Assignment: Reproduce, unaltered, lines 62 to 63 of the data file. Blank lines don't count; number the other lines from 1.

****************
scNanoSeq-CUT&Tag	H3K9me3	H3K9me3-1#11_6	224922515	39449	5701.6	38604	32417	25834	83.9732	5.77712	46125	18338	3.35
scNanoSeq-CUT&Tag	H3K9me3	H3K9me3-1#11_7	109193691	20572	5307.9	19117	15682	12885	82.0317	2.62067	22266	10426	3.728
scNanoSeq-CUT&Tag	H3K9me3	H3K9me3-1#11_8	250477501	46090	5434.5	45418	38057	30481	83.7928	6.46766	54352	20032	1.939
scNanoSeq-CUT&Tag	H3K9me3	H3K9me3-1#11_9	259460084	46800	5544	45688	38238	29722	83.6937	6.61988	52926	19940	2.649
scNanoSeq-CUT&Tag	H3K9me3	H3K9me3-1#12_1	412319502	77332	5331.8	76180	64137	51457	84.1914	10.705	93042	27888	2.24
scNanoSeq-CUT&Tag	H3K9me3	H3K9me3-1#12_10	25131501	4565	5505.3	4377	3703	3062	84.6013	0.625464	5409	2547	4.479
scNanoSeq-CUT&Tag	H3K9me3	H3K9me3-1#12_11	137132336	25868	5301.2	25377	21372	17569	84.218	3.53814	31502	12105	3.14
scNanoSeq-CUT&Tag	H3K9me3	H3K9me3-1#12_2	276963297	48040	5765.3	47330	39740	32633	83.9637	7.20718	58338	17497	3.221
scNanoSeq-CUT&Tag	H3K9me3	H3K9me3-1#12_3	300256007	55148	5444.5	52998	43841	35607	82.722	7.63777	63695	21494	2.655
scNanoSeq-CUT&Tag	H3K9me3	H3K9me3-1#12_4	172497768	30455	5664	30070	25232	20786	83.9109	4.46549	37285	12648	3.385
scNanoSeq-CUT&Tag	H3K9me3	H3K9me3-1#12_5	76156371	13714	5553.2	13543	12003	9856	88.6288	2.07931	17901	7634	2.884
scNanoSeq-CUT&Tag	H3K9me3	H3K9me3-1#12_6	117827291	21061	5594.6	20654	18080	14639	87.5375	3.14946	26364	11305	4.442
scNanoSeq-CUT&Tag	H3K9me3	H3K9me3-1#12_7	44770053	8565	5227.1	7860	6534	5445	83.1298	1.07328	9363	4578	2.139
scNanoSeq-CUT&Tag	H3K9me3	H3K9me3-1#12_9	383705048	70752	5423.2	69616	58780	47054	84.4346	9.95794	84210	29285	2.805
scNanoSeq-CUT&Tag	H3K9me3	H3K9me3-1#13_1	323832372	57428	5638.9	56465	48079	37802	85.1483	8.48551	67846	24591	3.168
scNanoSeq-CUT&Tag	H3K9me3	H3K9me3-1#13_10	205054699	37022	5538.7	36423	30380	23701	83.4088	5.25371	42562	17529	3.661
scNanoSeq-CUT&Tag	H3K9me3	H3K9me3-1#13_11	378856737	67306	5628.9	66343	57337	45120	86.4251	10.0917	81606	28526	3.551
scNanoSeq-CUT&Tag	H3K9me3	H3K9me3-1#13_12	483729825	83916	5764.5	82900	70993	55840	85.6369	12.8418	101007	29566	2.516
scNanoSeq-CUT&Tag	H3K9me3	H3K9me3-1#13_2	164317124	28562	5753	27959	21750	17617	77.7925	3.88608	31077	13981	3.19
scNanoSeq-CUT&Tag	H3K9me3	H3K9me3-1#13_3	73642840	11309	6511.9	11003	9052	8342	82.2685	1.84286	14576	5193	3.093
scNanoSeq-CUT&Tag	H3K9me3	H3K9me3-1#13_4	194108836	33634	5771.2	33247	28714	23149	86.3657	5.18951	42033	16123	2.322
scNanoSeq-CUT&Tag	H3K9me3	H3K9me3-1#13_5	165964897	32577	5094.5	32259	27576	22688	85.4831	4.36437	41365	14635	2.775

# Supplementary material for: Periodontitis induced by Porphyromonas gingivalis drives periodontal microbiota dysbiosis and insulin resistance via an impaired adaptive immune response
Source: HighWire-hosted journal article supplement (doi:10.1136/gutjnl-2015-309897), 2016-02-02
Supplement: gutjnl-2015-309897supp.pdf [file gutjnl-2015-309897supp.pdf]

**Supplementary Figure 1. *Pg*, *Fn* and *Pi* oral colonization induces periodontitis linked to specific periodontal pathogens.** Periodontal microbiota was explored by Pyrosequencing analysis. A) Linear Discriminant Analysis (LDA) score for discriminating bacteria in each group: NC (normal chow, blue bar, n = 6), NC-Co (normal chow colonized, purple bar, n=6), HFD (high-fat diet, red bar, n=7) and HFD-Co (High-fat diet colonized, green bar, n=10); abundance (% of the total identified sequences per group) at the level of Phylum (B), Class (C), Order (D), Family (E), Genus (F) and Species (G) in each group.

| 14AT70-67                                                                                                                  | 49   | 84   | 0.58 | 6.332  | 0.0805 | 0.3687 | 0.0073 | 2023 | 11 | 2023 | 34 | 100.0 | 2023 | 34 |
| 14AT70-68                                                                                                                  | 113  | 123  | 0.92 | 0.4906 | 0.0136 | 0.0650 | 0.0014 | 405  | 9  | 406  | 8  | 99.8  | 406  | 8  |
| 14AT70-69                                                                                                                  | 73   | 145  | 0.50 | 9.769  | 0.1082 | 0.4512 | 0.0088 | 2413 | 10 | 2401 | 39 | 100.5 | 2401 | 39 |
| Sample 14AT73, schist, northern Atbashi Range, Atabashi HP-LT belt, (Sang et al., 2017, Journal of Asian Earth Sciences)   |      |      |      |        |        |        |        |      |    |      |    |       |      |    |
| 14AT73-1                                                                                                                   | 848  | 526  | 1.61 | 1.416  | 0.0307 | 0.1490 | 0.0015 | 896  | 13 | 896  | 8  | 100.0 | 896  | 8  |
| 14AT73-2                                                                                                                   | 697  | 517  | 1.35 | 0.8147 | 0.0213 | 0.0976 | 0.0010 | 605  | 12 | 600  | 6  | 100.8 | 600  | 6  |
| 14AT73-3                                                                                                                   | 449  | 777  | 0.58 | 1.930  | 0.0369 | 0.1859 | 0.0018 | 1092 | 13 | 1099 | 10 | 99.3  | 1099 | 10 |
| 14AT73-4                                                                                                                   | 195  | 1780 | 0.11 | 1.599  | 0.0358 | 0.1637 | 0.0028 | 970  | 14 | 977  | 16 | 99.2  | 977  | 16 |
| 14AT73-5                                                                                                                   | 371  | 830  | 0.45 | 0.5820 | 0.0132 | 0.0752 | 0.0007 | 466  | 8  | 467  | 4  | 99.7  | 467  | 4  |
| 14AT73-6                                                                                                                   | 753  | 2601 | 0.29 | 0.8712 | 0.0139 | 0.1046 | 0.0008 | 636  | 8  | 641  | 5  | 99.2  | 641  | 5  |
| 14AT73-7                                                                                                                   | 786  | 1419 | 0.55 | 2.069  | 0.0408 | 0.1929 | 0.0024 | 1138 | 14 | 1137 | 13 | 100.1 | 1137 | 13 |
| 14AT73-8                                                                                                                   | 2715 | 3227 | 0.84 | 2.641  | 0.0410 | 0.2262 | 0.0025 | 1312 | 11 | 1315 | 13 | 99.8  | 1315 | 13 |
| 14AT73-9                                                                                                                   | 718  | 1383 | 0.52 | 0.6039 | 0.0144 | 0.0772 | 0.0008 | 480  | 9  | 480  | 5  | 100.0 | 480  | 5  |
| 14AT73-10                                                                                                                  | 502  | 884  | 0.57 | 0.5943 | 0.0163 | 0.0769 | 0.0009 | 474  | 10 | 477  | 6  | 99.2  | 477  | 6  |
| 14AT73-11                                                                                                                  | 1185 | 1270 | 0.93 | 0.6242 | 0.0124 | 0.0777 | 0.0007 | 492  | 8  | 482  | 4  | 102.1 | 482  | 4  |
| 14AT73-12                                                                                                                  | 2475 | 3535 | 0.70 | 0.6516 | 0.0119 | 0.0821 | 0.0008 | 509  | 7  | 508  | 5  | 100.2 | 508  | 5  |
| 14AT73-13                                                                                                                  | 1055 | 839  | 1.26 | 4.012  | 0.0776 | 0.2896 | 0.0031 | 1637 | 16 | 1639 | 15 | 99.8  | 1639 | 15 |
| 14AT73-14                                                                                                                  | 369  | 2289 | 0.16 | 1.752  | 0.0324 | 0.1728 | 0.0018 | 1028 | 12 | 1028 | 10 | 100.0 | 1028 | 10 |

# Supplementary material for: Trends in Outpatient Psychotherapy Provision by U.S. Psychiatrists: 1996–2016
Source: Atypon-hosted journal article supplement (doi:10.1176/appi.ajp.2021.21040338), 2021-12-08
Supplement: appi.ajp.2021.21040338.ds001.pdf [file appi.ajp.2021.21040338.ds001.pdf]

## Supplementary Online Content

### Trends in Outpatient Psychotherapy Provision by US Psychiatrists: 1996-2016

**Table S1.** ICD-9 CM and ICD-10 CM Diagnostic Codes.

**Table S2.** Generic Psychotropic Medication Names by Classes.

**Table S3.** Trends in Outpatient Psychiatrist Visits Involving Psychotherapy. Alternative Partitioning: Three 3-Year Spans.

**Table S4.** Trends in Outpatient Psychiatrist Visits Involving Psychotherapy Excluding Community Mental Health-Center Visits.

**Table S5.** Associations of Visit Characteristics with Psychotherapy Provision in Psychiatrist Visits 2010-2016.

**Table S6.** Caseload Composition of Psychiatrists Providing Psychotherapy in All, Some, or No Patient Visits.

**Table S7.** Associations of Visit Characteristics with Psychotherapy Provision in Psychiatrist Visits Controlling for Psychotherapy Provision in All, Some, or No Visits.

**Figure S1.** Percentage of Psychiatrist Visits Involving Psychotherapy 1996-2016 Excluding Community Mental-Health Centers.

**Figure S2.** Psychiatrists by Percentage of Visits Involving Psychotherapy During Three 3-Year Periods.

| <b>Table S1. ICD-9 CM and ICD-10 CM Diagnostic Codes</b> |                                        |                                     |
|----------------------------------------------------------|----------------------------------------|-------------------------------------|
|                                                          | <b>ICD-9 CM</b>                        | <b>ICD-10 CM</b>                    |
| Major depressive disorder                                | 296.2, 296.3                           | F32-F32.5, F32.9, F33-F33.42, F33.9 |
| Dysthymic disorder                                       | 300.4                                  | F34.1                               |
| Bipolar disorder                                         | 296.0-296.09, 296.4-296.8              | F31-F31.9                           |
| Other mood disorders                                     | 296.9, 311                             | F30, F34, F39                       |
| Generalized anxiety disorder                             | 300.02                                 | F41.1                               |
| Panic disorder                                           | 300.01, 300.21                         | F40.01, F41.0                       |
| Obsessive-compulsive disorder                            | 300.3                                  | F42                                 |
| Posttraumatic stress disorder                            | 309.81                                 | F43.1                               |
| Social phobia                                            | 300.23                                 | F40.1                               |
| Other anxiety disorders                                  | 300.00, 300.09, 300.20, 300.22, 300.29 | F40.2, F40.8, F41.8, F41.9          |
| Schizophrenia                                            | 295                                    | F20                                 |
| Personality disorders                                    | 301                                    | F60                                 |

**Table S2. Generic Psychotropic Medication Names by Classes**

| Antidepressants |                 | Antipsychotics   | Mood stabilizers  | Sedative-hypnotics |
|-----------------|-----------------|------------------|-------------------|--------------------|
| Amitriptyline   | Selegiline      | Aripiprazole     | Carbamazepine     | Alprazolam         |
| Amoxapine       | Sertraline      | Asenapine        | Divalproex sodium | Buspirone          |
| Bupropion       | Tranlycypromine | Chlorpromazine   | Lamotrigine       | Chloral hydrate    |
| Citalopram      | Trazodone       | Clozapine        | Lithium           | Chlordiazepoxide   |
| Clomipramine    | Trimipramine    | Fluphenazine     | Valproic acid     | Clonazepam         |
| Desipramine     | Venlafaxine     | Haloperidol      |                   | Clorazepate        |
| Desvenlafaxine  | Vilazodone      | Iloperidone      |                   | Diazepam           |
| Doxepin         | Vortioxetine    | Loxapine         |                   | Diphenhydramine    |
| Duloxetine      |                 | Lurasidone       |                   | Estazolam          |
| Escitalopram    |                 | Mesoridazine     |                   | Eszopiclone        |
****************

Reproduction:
| Major depressive disorder                                | 296.2, 296.3                           | F32-F32.5, F32.9, F33-F33.42, F33.9 |
| Dysthymic disorder                                       | 300.4                                  | F34.1                               |